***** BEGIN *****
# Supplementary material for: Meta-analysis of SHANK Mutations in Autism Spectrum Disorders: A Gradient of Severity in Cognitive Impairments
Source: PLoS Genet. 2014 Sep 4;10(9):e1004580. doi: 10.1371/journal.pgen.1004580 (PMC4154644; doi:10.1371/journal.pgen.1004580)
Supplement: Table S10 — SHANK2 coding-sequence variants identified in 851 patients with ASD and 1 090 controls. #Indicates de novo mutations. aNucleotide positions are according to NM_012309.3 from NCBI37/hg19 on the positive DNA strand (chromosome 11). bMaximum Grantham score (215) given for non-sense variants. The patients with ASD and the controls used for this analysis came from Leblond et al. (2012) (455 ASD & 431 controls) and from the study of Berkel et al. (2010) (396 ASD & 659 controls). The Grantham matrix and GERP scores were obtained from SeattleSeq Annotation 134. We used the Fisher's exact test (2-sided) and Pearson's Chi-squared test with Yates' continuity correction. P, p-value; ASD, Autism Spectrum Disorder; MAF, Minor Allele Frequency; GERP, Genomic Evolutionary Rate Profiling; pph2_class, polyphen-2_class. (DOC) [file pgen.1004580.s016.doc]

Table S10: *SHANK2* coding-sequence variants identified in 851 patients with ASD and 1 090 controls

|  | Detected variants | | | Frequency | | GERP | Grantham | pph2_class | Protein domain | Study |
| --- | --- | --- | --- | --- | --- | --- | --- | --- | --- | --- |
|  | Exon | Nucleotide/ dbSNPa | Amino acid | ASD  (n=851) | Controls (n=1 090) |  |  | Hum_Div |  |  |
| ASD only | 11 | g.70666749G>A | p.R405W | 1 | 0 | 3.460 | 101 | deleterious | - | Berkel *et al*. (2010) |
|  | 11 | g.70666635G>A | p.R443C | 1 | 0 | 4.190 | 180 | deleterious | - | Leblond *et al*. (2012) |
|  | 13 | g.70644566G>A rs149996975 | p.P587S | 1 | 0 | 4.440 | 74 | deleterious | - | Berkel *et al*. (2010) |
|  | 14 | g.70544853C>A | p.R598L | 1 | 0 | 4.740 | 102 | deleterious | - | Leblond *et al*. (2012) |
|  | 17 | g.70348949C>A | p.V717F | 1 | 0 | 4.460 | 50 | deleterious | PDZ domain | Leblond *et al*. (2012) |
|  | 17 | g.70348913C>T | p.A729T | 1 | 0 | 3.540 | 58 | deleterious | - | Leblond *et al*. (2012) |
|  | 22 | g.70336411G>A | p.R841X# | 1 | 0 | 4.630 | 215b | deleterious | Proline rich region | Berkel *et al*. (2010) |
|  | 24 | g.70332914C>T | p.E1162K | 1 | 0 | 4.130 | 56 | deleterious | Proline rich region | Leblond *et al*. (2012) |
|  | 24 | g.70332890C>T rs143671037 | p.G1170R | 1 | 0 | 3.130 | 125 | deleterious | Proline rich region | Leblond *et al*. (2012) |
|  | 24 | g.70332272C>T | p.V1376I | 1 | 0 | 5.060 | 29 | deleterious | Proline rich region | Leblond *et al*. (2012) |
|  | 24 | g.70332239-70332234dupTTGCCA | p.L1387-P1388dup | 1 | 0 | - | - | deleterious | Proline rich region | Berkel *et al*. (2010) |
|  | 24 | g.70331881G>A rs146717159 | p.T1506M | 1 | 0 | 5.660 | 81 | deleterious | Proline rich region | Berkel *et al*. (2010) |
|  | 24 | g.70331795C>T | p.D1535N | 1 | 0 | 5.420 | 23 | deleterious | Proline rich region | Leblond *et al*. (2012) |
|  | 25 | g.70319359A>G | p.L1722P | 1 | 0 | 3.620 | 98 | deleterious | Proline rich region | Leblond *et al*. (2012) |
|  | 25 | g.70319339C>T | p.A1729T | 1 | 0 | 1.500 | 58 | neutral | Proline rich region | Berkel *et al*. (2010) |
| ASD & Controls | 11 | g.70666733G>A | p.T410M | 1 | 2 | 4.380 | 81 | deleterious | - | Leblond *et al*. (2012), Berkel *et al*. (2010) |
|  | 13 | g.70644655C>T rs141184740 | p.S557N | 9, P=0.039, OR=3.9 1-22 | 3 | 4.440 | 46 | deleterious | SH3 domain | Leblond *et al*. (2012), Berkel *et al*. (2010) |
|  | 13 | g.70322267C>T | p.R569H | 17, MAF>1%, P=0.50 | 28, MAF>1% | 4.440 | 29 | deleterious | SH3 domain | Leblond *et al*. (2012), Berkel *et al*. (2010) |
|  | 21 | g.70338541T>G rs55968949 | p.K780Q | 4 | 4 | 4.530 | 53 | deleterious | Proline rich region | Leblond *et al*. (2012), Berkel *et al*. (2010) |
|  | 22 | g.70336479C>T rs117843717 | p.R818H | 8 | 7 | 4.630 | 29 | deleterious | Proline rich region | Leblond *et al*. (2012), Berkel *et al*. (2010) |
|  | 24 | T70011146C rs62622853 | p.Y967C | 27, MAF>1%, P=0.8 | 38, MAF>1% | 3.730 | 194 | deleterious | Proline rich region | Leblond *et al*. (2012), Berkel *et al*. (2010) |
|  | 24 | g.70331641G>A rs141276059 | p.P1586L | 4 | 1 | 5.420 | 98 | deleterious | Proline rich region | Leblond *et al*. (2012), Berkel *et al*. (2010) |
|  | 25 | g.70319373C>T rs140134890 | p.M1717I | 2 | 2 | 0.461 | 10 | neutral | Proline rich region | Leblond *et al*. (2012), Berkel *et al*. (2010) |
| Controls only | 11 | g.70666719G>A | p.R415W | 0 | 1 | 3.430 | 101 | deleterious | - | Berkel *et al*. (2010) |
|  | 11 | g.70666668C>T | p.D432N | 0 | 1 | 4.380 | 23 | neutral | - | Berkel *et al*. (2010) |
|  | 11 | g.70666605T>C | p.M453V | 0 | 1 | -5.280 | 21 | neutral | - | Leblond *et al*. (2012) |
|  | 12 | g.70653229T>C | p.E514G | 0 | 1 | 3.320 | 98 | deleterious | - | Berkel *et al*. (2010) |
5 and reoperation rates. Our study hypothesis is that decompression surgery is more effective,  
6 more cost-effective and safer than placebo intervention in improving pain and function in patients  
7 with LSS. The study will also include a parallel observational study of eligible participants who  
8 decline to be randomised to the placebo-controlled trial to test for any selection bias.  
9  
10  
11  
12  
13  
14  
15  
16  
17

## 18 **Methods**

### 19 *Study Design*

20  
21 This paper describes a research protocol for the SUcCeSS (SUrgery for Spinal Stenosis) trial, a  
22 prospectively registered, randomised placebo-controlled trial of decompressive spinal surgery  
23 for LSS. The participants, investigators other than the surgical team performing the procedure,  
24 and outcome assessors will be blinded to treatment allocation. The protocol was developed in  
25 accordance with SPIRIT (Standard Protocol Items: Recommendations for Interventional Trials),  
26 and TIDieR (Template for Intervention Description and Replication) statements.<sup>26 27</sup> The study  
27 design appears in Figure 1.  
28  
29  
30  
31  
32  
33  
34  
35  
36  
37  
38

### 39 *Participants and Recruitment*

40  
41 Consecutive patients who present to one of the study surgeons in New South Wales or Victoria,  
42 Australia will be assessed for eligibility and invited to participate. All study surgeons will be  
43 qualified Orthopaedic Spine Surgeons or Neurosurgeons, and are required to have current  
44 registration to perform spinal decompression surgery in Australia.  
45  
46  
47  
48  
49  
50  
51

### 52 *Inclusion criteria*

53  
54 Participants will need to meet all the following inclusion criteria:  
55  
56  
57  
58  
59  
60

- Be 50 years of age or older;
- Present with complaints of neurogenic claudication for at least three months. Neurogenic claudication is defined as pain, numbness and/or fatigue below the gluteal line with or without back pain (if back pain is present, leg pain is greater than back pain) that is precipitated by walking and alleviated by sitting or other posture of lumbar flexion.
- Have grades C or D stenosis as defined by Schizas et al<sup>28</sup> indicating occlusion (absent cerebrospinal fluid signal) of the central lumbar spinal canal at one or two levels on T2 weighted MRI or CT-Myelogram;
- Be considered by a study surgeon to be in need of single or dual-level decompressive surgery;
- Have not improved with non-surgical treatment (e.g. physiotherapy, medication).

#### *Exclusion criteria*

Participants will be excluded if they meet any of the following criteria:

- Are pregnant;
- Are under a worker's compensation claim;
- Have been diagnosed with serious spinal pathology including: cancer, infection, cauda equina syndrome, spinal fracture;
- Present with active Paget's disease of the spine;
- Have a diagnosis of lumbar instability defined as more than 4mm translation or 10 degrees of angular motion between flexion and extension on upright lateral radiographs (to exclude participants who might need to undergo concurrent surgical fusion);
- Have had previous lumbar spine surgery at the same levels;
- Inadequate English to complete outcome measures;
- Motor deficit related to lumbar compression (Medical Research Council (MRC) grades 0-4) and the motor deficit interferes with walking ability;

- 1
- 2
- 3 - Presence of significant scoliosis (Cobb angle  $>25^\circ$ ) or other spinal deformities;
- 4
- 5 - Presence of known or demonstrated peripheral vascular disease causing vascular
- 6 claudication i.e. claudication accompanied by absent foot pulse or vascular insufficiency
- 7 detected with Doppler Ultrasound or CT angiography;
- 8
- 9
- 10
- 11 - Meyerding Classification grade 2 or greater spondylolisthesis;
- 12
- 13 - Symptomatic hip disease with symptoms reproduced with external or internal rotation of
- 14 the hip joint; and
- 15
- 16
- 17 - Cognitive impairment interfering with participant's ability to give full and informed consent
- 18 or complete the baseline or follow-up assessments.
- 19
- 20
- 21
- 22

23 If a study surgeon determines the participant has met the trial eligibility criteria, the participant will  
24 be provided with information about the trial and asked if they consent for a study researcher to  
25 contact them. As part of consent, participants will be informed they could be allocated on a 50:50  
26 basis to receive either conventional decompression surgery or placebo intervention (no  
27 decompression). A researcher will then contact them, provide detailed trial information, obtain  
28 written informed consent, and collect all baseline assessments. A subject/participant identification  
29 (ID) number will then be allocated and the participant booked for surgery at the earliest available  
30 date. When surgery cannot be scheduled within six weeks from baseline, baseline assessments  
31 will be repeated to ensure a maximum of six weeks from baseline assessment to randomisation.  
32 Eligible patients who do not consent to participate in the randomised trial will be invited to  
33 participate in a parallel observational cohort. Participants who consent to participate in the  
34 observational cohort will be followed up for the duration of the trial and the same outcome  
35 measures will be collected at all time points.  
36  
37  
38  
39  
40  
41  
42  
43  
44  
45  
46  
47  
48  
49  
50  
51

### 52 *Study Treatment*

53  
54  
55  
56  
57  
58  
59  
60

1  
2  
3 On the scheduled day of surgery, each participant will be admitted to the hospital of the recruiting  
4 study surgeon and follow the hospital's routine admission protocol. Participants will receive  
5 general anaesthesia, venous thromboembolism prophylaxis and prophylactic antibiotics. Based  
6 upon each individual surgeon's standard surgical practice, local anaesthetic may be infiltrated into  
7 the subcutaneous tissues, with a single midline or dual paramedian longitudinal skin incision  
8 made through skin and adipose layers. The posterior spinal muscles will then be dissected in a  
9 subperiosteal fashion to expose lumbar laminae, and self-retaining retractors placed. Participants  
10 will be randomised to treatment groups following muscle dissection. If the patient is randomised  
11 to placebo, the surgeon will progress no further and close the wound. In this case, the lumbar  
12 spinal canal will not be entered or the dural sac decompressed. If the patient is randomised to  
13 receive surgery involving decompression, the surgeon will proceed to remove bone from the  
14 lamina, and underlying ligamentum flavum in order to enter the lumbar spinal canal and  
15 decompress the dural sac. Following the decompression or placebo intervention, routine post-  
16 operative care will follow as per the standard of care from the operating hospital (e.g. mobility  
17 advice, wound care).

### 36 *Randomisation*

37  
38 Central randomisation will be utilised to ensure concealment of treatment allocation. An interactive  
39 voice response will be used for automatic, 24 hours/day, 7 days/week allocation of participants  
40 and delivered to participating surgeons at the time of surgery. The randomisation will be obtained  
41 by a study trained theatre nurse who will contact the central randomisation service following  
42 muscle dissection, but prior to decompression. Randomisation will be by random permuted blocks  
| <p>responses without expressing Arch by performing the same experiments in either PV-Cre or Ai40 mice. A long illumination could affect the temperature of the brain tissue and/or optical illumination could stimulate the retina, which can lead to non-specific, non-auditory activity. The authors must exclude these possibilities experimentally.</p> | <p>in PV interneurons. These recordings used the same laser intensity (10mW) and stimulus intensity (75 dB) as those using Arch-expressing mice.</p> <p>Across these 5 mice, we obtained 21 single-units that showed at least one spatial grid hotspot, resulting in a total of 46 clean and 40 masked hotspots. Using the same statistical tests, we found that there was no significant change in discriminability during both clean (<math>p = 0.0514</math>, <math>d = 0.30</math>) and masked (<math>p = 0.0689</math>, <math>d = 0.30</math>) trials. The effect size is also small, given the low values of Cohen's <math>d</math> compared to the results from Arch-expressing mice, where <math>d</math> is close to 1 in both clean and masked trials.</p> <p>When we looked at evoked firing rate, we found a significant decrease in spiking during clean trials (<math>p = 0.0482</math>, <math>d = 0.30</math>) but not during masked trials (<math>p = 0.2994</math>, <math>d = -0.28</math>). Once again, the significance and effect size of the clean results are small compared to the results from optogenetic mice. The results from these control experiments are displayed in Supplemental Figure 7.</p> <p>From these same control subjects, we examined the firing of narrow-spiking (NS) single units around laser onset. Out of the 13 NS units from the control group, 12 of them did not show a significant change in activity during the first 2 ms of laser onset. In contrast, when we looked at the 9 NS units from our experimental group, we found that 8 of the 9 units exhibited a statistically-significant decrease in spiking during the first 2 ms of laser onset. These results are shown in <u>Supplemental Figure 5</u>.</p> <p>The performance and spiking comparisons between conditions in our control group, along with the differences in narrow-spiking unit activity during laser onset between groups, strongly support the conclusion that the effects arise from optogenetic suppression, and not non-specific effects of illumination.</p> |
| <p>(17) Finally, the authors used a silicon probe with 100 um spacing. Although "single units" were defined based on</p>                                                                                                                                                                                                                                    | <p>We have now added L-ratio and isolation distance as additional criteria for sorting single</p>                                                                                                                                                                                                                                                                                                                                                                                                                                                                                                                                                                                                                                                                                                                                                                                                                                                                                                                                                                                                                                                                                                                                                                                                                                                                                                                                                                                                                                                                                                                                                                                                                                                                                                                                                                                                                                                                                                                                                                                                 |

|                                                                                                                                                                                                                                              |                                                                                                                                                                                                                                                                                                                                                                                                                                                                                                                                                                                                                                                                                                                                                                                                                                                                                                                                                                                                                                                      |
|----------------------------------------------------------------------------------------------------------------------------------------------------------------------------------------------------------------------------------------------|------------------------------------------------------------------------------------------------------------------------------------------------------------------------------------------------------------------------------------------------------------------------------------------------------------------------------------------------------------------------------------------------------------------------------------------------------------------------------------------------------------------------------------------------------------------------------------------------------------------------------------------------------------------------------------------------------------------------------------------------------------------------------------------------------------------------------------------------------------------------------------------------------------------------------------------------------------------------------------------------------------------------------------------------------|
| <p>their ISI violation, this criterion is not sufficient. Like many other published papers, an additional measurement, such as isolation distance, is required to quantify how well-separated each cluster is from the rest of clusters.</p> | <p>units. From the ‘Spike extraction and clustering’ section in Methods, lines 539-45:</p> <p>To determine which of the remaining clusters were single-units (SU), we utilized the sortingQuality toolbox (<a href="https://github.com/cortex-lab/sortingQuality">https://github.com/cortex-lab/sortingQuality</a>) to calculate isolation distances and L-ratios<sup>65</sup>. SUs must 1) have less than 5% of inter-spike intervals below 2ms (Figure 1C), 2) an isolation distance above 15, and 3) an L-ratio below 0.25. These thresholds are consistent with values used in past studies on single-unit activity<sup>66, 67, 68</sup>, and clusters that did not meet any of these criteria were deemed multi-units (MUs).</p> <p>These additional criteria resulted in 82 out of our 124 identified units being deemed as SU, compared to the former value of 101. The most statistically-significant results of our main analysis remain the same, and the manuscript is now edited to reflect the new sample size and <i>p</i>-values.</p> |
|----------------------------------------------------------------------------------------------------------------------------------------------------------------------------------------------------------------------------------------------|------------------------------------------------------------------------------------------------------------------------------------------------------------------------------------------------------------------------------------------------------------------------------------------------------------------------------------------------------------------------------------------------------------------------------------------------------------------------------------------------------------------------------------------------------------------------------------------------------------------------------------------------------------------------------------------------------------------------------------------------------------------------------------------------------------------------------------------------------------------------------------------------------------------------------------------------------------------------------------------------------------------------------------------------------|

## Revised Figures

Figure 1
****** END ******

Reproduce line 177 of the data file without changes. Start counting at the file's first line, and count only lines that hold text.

12 spinal canal will not be entered or the dural sac decompressed. If the patient is randomised to  